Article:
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I have a list that looks like this:

l1 = ['200:200', '90:728']

I have a dictionary that looks like this:

d1 = {'200:200':{'foo':'bar'},'300:300':{'foo':'bar'}}

I need to get filter out the dictioary where only the keys are in l1. The dict should look like this:

result = {'200:200':{'foo':'bar'}}

In essence a intersection of a list and the keys of a dict while returning the subsection of the dict.

How do I do this efficiently where time is an issue for a large sets?


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6 Answers 6

up vote 15 down vote accepted

You can use the following code:

keys = set(l1).intersection(set(d1.keys()))
result = {k:d1[k] for k in keys}

EDIT: As commenters suggest you can replace the first line with, in Python 2.x:

keys = set(l1).intersection(d1)

And in Python 3.x:

keys = d1.keys() & l1
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Note that in 3.x, a dictionary view is set-like, so you don't need to wrap it in set(). In fact, in 3.x, the entire top line can be keys = d1.keys() & l1. –  Lattyware Jun 22 '12 at 14:03
@Lattyware you don't need to cast it into a set in 2.x either –  jamylak Jun 22 '12 at 14:04
Don't even need keys(), set(l1).intersection(d1) –  georg Jun 22 '12 at 14:08
And not wrapping d1.keys() has the advantage that if d1 is large you won't be O(len(d1)). –  Kathy Van Stone Jun 22 '12 at 14:08
In 3.x, the keys() call doesn't cost anything, it's worth noting - as it just makes a dict view. I've shown in my answer. –  Lattyware Jun 22 '12 at 14:10

In 3.x, this can be as simple as:

>>> {k: d1[k] for k in (d1.keys() & l1)}
{'200:200': {'foo': 'bar'}}

Under 2.7, you can use dict.viewkeys() to recreate this functionality:

>>> {k: d1[k] for k in (d1.viewkeys() & l1)}
{'200:200': {'foo': 'bar'}}

Under older versions of 2.x, it's a tad more verbose:

>>> {k: d1[k] for k in (set(d1).intersection(l1))}
{'200:200': {'foo': 'bar'}}
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I checked the docs. It appears that viewkeys() is available in 2.7, not just 2.7.3. It appears in my copy of Python 2.7.1 –  JPvdMerwe Jun 22 '12 at 14:17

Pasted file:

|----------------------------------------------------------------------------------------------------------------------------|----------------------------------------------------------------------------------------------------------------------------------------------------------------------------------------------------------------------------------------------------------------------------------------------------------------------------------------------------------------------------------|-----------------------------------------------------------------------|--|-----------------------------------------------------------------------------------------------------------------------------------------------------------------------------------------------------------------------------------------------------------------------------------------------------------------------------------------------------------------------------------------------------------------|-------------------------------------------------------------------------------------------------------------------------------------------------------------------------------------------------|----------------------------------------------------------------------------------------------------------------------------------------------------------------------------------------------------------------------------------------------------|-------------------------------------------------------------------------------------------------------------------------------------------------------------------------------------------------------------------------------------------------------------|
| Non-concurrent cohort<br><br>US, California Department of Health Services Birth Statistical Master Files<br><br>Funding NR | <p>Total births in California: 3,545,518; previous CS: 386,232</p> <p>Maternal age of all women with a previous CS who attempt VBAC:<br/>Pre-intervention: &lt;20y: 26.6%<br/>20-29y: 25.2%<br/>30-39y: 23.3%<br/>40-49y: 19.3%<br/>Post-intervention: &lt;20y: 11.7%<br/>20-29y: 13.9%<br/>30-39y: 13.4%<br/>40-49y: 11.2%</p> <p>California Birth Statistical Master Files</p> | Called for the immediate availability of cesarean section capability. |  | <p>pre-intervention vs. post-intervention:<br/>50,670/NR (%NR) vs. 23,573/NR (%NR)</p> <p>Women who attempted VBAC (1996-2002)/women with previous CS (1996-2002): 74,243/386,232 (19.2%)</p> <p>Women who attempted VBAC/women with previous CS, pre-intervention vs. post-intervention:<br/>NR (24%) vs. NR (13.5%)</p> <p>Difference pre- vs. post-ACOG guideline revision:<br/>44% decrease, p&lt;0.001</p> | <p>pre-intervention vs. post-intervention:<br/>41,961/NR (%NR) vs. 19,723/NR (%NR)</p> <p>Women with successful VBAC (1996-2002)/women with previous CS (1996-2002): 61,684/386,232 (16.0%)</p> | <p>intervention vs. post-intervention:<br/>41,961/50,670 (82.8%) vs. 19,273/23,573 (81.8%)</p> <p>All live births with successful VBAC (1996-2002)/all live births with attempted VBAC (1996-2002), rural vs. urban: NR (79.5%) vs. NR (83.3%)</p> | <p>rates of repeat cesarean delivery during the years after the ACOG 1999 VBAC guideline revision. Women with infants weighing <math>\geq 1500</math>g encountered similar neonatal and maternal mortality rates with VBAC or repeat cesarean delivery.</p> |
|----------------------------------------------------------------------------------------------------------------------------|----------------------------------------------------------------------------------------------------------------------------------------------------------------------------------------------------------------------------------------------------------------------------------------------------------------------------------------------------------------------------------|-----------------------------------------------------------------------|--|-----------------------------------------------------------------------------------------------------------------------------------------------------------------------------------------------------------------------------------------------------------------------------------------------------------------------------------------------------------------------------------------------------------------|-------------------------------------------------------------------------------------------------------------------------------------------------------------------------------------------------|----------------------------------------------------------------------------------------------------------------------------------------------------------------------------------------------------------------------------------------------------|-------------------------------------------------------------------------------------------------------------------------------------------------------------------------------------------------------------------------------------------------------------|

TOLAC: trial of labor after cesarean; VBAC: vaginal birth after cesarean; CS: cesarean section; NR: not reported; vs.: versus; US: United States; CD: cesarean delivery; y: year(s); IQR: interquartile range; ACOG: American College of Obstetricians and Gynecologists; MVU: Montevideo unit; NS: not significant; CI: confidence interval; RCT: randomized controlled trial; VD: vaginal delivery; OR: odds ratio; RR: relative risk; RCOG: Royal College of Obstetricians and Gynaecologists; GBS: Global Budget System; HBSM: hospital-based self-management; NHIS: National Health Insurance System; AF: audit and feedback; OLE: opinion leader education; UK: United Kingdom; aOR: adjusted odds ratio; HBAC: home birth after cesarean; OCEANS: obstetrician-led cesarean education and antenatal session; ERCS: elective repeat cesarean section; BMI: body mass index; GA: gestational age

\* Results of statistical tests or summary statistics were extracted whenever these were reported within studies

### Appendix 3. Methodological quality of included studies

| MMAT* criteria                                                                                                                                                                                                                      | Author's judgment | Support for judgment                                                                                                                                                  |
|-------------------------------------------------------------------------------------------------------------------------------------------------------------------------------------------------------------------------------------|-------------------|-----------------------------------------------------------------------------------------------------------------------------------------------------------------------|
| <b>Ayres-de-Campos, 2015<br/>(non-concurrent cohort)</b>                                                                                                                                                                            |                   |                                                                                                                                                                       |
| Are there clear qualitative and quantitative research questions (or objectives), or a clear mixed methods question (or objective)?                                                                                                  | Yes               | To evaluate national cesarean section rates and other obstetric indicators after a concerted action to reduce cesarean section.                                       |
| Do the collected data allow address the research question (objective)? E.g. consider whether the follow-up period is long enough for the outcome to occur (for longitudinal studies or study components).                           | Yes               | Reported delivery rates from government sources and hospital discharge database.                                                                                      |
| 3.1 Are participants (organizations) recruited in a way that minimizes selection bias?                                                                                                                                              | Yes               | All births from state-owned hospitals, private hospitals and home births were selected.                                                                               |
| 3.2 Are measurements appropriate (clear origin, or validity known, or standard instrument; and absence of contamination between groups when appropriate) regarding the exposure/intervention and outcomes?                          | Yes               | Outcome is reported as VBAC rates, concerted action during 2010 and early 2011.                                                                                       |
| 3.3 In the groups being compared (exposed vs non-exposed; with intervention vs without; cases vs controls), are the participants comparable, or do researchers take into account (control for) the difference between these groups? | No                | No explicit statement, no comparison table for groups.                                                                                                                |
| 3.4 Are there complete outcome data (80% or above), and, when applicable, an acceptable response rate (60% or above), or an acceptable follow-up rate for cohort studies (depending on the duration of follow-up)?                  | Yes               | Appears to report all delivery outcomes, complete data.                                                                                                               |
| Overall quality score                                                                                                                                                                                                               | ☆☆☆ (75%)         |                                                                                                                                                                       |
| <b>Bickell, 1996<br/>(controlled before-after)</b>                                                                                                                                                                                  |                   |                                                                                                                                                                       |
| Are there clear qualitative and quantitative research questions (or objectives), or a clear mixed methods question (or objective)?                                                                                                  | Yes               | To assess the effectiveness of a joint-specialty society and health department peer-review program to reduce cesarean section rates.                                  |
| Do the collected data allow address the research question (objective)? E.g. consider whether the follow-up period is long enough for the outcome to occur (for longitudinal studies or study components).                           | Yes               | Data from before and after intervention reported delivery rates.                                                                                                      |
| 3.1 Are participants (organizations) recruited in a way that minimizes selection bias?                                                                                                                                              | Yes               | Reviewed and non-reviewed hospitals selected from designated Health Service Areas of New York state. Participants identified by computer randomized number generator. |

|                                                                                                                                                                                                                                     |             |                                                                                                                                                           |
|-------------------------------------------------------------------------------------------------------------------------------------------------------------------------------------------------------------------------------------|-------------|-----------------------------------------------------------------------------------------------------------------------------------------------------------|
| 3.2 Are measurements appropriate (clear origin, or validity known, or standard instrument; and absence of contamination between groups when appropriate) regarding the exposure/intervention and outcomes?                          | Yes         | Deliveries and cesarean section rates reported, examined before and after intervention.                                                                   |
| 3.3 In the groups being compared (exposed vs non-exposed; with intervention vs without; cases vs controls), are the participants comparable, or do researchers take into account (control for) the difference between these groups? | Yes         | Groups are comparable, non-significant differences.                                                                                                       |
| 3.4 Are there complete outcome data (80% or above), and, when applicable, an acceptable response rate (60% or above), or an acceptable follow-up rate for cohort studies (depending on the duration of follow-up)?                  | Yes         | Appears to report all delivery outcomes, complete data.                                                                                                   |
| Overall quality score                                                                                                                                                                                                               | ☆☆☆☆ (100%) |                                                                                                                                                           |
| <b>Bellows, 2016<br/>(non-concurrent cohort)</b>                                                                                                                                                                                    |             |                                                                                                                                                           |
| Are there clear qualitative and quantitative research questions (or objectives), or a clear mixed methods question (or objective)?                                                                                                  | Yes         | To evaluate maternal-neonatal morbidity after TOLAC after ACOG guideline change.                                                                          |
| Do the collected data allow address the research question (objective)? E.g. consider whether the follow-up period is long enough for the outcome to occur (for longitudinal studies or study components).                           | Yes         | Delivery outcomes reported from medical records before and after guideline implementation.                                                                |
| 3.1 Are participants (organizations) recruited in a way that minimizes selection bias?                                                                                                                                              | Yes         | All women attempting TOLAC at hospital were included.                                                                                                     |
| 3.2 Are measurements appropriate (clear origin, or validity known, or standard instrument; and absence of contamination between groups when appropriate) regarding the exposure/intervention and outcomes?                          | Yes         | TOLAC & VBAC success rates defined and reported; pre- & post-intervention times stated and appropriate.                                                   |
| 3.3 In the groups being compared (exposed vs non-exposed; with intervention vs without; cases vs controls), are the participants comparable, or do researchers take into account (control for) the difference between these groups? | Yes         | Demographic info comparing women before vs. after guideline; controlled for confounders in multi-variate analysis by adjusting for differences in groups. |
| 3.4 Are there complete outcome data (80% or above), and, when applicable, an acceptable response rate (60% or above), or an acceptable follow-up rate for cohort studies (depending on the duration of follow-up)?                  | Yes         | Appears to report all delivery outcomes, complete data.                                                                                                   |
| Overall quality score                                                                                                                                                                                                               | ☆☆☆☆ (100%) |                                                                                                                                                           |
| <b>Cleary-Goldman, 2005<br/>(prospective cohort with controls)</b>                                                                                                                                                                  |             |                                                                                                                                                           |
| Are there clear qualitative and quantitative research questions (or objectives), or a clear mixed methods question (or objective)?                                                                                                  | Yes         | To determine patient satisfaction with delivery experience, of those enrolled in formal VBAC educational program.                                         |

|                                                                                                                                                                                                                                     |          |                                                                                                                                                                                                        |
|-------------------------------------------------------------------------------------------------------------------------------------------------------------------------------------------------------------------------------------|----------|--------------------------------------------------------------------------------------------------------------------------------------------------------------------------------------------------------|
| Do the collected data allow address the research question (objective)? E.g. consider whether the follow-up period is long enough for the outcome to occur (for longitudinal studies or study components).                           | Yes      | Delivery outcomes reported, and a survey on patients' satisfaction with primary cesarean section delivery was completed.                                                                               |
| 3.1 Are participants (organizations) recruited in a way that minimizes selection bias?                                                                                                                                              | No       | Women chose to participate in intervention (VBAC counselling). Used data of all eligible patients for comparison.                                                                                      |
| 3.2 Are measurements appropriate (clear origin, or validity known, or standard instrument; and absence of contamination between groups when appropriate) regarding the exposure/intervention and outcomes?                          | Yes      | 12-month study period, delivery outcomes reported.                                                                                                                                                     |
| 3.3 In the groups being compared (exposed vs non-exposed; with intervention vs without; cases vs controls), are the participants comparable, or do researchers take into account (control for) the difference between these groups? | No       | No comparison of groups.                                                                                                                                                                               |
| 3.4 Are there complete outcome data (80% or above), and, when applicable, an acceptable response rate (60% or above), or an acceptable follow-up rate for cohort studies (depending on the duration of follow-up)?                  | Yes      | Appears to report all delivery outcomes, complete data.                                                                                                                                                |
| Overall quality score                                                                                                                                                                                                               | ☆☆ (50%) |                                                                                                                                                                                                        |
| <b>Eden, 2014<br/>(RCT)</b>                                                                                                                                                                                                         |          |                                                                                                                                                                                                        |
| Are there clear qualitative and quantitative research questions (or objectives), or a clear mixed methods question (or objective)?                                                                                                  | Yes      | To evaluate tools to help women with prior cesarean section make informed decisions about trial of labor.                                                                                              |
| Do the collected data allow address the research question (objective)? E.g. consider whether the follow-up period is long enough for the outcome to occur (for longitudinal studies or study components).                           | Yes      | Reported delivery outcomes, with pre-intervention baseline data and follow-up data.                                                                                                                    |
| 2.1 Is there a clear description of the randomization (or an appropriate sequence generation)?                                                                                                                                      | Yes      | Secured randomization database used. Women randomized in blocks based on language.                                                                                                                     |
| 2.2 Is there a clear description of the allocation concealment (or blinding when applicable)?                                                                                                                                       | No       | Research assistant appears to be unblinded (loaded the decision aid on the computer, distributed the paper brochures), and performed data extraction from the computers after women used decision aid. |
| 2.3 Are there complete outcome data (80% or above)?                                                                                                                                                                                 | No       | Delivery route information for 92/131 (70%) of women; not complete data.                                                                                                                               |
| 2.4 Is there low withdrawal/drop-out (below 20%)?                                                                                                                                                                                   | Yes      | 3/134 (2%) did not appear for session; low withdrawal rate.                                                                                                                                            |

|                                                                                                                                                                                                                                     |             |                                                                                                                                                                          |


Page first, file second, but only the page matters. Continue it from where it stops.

@JPvdMerwe Good to know, updated. –  Lattyware Jun 22 '12 at 14:18

Not sure about each solution performance, but I would do:

{k: v for k, v in d1.items() if k in l1}
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This will work even when a member of l1 is not a key in d1, which many others will fail on. –  Phil H Jun 22 '12 at 14:15

Define efficient. Anyway here's what I would do. If it was too slow I'd probably move it to Cython.

s1 = set(l1)
s2 = set(d1.keys())
s3 = s1 & s2
# now you can access d1 using only keys in s3, or construct a new dict if you like
d2 = dict([(k,d1[k]) for k in s3])
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If memory allocation and deallocation is making this process take too long, itertools to the rescue.

import itertools
result = {dict_key:d1[dict_key] for dict_key in itertools.ifilter(lambda list_item: list_item in d1, l1) }

This doesn't unnecessarily allocate memory for a whole new collection, and l1 could easily be an iterator instead of a list.

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You can use a list comprehension in the dict constructor:

result = dict([(k,d1[k]) for k in l1 if k in d1])

If you're worried about removing duplicate keys, make l1 into a set first:

result = dict([(k,d1[k]) for k in set(l1) if k in d1])
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A key may not be in d1. This won't work. –  Lattyware Jun 22 '12 at 14:07
Also note you can do dict generator expressions as in my solution. So {k:v for k,v in arr}. This even has the benefit of dealing with duplicates. –  JPvdMerwe Jun 22 '12 at 14:08
@JPvdMerwe It's a dict comprehension, not a dict generator expression - generator expressions are lazy, a dict comprehension is not. –  Lattyware Jun 22 '12 at 14:12
@Lattyware: I knew I should have checked the docs to get my terminology right. I stand corrected. –  JPvdMerwe Jun 22 '12 at 14:20
Quite right- edited. –  Platinum Azure Jun 22 '12 at 14:50

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